In south Louisiana, we use a very old French expression "soûl comme une grive" (drunk as a thrush). In the New World the French name for the thrush was applied to its cousin, the American robin.
But it is well-documented that members of the thrush family, and several other bird species, become drunk by eating berries that have fermented on the tree. Years ago naturalists near New Orleans had to spray pyrocaentha bushes planted alongside the public highways so that they would no longer produce fruit.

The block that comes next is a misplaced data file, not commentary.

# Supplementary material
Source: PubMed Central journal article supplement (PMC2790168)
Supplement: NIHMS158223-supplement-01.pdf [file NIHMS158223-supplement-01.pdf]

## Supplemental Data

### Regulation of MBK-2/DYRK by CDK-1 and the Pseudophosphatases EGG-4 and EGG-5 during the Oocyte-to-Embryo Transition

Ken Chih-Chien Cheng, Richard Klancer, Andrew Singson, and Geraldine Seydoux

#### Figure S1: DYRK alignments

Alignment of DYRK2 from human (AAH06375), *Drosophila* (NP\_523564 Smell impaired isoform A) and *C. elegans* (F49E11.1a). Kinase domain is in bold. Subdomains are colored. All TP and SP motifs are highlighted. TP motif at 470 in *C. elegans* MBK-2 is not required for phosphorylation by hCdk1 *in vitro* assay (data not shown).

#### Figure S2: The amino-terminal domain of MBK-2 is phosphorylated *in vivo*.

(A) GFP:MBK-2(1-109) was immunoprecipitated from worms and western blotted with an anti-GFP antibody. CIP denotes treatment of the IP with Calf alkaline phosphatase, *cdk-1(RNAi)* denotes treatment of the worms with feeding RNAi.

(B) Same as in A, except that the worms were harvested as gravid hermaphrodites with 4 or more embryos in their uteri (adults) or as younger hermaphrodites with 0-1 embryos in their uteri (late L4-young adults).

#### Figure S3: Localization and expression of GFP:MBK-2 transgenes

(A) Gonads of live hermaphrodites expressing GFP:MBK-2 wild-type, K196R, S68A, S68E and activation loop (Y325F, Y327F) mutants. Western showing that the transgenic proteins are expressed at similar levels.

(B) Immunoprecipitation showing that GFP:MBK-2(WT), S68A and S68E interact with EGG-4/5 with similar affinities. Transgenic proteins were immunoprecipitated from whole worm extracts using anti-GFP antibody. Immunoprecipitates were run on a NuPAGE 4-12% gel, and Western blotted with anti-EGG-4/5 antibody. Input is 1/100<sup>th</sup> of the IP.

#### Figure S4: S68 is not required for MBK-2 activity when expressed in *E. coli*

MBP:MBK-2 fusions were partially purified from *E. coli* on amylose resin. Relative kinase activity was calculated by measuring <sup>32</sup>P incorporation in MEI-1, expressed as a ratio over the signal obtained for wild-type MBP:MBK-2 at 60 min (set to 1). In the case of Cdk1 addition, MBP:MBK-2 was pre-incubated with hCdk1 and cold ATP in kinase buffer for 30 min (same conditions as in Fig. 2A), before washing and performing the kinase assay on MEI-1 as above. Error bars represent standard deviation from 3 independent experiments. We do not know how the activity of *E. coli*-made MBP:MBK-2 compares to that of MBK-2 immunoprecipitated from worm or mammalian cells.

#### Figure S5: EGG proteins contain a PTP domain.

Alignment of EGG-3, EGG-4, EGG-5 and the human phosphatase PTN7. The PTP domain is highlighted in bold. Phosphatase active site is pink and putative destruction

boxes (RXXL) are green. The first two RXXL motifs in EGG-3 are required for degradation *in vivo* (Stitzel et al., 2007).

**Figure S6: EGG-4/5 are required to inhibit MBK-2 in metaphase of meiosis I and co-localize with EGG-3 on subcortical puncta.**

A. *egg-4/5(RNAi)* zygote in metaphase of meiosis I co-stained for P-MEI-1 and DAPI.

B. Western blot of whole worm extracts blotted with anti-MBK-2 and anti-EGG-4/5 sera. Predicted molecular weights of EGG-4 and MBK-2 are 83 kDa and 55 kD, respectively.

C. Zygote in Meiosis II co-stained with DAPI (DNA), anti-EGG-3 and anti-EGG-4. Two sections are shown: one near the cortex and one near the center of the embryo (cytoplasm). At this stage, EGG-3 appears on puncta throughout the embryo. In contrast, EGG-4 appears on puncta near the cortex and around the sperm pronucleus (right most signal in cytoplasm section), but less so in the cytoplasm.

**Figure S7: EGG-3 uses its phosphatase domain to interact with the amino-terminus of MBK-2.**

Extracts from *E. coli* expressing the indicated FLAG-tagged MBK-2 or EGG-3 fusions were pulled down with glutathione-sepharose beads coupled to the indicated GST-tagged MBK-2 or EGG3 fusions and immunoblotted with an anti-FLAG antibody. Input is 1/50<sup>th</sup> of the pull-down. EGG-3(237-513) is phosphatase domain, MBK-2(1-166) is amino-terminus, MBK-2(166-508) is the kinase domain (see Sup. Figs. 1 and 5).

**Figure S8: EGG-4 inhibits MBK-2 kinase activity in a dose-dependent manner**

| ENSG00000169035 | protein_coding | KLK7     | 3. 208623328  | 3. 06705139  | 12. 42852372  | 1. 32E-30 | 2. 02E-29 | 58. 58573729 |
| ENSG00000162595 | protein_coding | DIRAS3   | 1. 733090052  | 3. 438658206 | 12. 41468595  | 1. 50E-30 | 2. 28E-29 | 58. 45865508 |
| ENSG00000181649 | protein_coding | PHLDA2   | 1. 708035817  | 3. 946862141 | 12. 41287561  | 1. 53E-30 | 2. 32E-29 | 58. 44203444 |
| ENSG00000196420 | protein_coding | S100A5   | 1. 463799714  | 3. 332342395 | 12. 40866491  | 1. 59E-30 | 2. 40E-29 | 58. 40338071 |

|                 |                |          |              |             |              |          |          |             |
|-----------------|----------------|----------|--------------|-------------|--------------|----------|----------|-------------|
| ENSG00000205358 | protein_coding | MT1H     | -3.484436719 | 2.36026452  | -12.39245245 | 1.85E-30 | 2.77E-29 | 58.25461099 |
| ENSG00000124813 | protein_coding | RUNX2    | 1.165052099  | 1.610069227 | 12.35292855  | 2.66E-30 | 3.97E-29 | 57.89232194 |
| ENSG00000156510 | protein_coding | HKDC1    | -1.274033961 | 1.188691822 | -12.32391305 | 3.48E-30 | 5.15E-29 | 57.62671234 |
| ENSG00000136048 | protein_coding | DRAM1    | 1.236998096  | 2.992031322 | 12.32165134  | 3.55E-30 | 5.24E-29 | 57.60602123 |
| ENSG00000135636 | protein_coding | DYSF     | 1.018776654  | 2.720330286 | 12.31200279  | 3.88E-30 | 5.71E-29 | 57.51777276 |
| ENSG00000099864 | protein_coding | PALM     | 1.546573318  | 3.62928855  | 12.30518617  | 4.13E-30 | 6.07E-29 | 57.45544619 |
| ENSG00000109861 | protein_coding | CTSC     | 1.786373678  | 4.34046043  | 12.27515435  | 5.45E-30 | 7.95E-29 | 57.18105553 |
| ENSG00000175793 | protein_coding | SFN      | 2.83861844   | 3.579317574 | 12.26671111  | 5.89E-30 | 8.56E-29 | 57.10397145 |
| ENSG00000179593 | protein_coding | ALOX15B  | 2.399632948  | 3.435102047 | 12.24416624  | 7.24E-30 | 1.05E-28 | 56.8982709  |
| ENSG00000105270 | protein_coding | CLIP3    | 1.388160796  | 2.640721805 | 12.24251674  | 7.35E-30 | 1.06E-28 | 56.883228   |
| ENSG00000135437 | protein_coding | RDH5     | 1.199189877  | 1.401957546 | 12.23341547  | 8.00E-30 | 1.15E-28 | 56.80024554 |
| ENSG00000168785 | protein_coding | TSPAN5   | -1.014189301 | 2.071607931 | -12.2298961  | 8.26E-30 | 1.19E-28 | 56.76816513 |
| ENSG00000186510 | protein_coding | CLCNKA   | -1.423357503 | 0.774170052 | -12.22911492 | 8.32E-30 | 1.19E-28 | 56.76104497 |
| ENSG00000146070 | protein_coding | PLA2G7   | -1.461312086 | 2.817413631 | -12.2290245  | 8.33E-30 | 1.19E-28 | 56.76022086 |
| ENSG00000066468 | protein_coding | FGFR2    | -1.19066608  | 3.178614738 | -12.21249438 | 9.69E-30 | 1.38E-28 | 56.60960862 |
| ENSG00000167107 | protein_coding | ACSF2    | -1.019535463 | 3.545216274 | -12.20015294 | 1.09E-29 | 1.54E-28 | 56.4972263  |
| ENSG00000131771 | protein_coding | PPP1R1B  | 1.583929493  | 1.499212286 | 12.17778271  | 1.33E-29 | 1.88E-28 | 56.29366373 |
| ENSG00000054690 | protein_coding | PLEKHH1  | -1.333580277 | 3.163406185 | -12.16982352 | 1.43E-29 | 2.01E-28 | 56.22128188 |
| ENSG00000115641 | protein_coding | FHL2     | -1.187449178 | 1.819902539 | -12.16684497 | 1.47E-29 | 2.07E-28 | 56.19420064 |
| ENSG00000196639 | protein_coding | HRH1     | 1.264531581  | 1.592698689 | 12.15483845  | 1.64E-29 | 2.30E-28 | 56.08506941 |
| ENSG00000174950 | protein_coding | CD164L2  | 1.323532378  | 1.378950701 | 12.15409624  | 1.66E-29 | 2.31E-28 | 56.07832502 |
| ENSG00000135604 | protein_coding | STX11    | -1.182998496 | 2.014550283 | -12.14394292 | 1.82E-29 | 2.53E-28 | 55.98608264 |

The problem was that large flocks of "cirier" (cedar waxwings) would collectively descend upon these trees then begin flying erratically into motorists' windshields. "Soûl comme une grive" has been attested at least as far back as the 1600's (Duneton 1990) and I was under the impression that it is still used at least sporadically in France today. It certainly is in Cajun French!